I spent some time yesterday with the mother of a spirited toddler who pointed out that even though she saw that The Happiest Toddler on the Block technique of patience stretching works, she found it hard to be cheerful and upbeat after hours of her son’s whining and hanging on her legs. At the end of the day, her toddler and her preschooler had worn her down. She needed to fine-tune her approach and hear that her efforts would bear fruit sooner rather than later.
Good news! Patience Stretching isn’t just a technique that works for the moment. It builds a child’s ability to wait. A toddler that is used to waiting may not even start whining, he may just ask/gesture for what he wants. You get a calmer house. Done consistently for even a few days, combined with the Fast Food Rule (see my January 2015 Sympathetic Reframing post), and she should be able to stretch that calm waiting time at the dinner table up from 7 seconds (his current best time) to over a minute. He showed me his potential; after a brief “top-off” reminder that his yogurt was indeed coming, he waited another 7 seconds until she placed it on the table. He needed a combo of patience stretching with fast food rule restatements so that he knew that I got what he was thinking: he wanted to know why there was a bowl of yogurt on the table but it wasn’t in front of him. It was his brother’s bowl, and his brother was washing his hands. Tantrum averted, and this spirited toddler waited 14 seconds more than he did before we tried patience stretching.
Why even try it when you are totally exhausted? Think about how all that whining is slowly draining the life energy out of you. Some toddlers don’t just whine, they start to get a little aggressive to get your attention. Think about the energy it takes to sweep up the cereal they throw on the floor in protest, and reconsider the benefits of patience stretching. You will be expending your energy with toddlers one way or the other. Might as well be building skills instead of sweeping up a mess made in protest.
Your delivery is key to a little person who hears how you say it more clearly than what it was that you said. This mom admitted that she delivered her patience stretching lines without a lot of warmth; she was truly tired of all the whining. It was time to bring on her academy award-winning performance skills. Hint: toddlers can’t tell that you are faking it. No one is cheerful all the time, but toddlers are very literal. They are reading your tone and gestures more than your words, so pleasant words delivered in a frustrated tone don’t work.
If you say something good (“Let me go look for your cookies”) with a note of sarcasm or annoyance, guess what they hear? “I am not happy with you”. If you want a smile back from a toddler with a spirited temperament( the child that can go full-ninja on you in seconds) you want to tell them that their cookie is coming with a big grin on your face and a lilt in your voice. They will be smiling back at you without knowing what hit them!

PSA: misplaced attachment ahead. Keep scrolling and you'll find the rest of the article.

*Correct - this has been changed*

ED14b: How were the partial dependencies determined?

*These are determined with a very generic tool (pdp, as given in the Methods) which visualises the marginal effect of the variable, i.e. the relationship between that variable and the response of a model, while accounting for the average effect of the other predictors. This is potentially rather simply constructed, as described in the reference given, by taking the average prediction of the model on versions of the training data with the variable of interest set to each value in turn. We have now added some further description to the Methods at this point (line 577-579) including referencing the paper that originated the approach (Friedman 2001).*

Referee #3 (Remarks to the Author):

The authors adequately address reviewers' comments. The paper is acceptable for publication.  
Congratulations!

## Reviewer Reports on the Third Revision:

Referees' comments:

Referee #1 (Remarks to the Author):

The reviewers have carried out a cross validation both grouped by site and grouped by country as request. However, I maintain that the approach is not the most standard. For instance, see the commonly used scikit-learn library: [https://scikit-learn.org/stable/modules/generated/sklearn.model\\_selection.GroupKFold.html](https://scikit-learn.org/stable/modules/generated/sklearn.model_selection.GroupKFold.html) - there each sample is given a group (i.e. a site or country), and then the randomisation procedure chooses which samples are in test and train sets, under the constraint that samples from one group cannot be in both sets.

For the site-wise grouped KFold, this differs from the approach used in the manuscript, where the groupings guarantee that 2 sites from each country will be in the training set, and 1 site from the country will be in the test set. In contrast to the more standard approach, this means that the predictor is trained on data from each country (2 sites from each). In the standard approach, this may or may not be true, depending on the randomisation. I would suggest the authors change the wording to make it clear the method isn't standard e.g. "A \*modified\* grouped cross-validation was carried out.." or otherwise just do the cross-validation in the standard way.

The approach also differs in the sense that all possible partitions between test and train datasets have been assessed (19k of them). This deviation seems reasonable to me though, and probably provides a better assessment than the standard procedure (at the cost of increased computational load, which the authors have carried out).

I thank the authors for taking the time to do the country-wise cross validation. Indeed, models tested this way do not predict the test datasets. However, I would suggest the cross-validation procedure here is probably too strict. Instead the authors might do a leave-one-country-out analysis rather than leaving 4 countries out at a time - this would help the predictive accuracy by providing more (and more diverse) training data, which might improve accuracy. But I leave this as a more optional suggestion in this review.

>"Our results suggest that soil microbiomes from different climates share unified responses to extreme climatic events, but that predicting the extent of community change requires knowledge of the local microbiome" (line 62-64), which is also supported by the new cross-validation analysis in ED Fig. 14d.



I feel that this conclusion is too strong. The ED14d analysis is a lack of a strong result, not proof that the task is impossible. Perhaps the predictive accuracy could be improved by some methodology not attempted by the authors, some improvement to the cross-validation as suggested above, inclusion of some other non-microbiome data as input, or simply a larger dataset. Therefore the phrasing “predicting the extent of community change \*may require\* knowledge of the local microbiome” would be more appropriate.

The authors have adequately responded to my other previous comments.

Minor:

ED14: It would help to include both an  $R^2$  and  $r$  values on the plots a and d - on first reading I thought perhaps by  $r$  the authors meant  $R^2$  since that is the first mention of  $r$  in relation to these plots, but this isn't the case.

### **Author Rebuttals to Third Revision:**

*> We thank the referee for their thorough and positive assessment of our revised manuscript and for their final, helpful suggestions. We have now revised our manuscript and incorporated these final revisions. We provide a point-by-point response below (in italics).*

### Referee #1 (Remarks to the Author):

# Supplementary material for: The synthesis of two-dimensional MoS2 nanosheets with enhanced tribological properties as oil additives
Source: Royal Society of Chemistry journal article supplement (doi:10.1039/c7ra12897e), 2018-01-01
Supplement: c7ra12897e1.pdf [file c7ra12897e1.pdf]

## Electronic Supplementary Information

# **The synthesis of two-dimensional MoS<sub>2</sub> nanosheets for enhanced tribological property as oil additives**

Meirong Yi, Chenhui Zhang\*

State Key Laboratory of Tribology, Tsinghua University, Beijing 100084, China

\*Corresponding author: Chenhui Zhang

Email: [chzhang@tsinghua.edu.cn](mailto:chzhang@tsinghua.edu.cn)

Toddlers who experience many interactions throughout their day in which they feel listened to, felt that they were respected and occasionally got what they wanted (eventually) are more likely to be able to hear a firm “no” as well. They have this bank of positive interactions with you, and a sense that you are not a pushover but that you are on their side. Again, their perception of you is as important as what you actually feel about them. An adult that loves them dearly but comes down hard with frustrating tones and annoyance is not going to be perceived warmly by a toddler.
Strangely enough, if you rush lovingly to provide things for a toddler most of the time, they can still whine. Why? Because there will be about 10% of requests that you cannot or will not grant due to safety or lack of resources. They must get in the car seat since you have to go pick up their sister. You don’t have any more goldfish crackers, etc. At that point, their expectation that you grant every single wish has been shattered, and they do not know what to do. They get very angry at you! By giving them what they want most of the time except in very rare circumstances, their anger when you cannot deliver is much worse than if they had been turned down a few more times in the past. Let that one sink in…your past generosity is not appreciated, it is hugely resented when you absolutely must buckle them in to the carseat, or when you really have to leave right now.
The wish-granter that requires them to wait using the patience stretching model is more likely to get a pass when the crackers run out or time at the playground is over. The child who has experienced calm waiting will be more capable of hearing alternatives and accepting them.
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